Tuesday, July 08, 2008

Leonard Dietrich

Leonard Dietrich, also known as “Diederick”, was born possibly in 1832 in Prussia.

Leonard immigrated to the United States before the war broke out, and eventually settled in western Michigan.

He stood 5’10” with brown eyes and hair and a light complexion, and was probably a 29-year-old laborer from Kent or Muskegon County when he enlisted as Fourth Sergeant in Company C on May 13, 1861; he was possibly related to Herman Dietrich, also of Company C, who was living in Muskegon County in 1861. (Company C was made up largely of German and Dutch immigrants, many of whom lived on the west side of the Grand River in Grand Rapids. This company was the descendant of the old Grand Rapids Rifles, also known as the “German Rifles”, a prewar local militia company composed solely of German troopers.) Leonard was the recipient of the Kearny Cross for his participation in the battle of Chancellorsville, May 3, 1863.

Another member of company C recalled years later that in the fall of 1863 the regiment was camped along with the division near Bristoe Station, Virginia. “Our camp,” Theodore Castor wrote,

was close to the rail-road and when the first train came in with supplies, I and Sergeant Dietrich went down the track and we got to a car where they were unloading hams. There was no guard there yet and we pretended that we were sent there to guard the hams. And we did for a little while until they had finished and moved down to some other car and we watched our chance and slipped a ham apiece under our overcoats and started for camp. In our camp we had everything fine, the houses were big enough to accommodate 20 persons with a fireplace and bunks and table in them. And you could cook alone or pick your company of two or more and cook together. There were four of us -- Sergeant Dietrich who done the cooking, Frank Martig -- our company wagoner who could get into any wagon in the brigade. He done the stealing and stole anything at night that he could lay his hands on from the officers and get it in camp, and Rudolph Nagel and I. When we were not on duty we played poker and furnished the rest whenever Frank would make a good haul. We didn't have to furnish very much, we could buy anything we wanted to eat -- bread, cookies, potatoes, onions and anything at the commissary where they kept everything to sell for the officers. They didn't draw any ration from U.S. and had to buy everything and pay for it out of their monthly pay, and if we wanted anything we would ask our Lieutenant Theodore Hetz for an order and he would gladly supply us by us inviting him to a dinner or two or by buying a bottle of bitters. And as money and everything came easy we could afford to live as well as any other Major General in the army.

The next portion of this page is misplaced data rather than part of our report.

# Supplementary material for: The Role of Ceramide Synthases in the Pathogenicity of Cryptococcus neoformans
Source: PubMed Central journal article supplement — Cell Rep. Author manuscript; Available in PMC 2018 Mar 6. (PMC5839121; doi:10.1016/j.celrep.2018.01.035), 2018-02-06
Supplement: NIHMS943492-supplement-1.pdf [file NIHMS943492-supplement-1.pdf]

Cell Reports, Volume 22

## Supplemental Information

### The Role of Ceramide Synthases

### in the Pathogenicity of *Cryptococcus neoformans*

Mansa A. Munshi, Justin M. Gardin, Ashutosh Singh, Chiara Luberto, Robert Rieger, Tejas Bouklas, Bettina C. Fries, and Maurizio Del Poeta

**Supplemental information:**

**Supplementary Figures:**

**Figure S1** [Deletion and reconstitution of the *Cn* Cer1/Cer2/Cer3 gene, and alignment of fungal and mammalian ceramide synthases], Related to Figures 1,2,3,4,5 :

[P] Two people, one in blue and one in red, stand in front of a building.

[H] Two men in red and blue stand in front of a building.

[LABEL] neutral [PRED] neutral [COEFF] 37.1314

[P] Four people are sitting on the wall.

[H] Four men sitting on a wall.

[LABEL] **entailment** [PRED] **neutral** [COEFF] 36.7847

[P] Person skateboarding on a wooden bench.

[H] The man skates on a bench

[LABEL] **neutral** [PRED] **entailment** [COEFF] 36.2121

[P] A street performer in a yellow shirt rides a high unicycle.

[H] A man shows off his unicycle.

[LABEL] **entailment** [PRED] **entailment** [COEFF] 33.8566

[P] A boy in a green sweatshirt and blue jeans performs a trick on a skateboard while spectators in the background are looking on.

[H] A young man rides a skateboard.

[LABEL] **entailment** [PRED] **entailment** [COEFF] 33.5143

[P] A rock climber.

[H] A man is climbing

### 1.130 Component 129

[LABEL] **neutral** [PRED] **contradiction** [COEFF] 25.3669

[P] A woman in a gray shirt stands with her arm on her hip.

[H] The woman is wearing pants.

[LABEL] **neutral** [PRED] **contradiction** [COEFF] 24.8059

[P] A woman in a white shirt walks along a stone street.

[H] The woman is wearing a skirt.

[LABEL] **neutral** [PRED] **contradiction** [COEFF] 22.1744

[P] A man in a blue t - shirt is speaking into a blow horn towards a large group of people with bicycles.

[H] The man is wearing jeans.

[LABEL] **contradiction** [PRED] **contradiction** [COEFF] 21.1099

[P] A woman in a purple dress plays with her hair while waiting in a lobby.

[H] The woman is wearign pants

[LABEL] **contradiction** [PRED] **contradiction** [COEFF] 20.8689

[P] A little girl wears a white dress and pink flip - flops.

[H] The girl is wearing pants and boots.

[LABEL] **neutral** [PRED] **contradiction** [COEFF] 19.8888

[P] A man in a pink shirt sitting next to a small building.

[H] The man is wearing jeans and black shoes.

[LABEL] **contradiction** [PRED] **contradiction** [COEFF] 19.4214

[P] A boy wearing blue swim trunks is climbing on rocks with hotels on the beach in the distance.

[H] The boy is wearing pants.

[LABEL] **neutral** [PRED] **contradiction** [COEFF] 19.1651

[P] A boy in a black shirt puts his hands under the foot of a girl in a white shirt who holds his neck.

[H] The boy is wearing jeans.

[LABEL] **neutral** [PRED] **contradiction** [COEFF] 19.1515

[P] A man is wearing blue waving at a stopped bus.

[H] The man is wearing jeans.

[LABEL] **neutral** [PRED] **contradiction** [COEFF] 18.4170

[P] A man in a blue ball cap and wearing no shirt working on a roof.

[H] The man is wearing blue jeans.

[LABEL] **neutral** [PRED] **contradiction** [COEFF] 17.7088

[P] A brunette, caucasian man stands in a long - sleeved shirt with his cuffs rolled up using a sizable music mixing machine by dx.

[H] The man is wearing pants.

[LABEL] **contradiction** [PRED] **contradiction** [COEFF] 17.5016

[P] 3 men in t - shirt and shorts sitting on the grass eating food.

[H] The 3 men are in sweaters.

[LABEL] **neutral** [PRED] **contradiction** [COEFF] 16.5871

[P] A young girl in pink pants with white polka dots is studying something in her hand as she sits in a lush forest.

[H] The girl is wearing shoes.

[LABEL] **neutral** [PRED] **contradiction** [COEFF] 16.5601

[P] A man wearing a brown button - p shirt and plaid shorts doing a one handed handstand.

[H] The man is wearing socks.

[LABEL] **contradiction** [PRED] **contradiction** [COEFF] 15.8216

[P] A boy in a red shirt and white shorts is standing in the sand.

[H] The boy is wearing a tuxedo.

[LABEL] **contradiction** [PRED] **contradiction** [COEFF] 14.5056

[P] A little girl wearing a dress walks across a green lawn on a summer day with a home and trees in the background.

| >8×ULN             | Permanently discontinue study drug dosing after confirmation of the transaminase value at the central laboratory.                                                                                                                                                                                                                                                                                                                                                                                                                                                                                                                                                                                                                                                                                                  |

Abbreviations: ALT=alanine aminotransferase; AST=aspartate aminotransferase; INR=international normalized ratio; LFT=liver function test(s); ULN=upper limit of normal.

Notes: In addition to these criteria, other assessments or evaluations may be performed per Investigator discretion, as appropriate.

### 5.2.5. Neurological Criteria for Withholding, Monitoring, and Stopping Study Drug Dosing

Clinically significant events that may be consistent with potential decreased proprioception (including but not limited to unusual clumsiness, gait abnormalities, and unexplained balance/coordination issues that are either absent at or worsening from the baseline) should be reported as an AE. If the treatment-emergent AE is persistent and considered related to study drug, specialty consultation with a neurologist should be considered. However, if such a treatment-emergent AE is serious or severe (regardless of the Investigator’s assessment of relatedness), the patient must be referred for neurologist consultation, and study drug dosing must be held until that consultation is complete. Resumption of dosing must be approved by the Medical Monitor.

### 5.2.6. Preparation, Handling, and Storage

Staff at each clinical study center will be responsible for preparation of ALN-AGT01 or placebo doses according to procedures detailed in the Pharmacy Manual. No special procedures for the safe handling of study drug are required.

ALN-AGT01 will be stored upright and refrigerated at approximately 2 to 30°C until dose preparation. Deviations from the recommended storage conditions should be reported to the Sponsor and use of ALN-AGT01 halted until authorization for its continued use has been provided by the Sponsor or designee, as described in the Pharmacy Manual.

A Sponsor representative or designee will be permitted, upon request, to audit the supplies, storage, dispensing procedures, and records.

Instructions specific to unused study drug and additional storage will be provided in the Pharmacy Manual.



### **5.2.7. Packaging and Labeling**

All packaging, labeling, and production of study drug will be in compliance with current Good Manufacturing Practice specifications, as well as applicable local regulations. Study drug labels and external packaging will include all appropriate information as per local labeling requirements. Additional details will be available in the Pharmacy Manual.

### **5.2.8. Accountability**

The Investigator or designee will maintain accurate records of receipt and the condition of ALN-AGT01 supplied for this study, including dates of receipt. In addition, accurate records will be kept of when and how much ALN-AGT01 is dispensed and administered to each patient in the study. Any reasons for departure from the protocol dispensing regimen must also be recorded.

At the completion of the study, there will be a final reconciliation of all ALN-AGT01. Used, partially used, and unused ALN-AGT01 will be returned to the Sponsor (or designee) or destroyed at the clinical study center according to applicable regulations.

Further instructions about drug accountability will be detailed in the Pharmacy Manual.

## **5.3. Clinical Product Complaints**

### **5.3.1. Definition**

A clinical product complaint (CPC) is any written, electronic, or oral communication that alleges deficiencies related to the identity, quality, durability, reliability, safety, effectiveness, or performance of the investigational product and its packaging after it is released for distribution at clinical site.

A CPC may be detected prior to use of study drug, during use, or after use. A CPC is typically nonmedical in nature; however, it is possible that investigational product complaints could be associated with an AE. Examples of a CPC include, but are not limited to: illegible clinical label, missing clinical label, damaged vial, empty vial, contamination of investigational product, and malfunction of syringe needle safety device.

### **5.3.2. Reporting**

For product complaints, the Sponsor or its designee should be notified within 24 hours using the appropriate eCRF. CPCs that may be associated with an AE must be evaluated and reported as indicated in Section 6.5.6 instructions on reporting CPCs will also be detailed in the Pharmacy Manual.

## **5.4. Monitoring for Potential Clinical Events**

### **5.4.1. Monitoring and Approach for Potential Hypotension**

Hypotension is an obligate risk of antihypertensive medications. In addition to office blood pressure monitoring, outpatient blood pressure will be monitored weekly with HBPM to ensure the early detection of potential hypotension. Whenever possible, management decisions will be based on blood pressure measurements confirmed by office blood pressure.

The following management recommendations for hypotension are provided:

Leonard reenlisted on December 21, 1863, at Brandy Station, Virginia, crediting Grand Rapids. He was presumably absent on veteran’s furlough in January of 1864 and probably returned to the Regiment on or about the first of February. He was transferred to Company I, Fifth Michigan infantry upon consolidation of the Third and Fifth Michigan Regiments on June 10, 1864.

Leonard was wounded on June 18 in action near Petersburg and subsequently sent to the Third Division, Second Corps field hospital where he died on June 20 or 21.

Writing after the war, Dan Crotty of Company F described Dietrich’s last moments in a field hospital: “Poor Sergeant Diedrick. No better soldier in the service, and one who has carried one of the colors of my Regiment, but now he is dying, after bearing the starry flag aloft for over two years. . . . I try to cheer him up, but no use, as he says he is bound to die, and I find, when I go to see him next morning, that he is in the arms of death. Poor fellow, thou hast fallen at last, bearing the starry emblem of your adopted country. Who will say that the foreigners have not done their duty in this rebellion?”

Leonard was presumably among the unknown soldiers buried at Petersburg National Cemetery.

No pension seems to be available.

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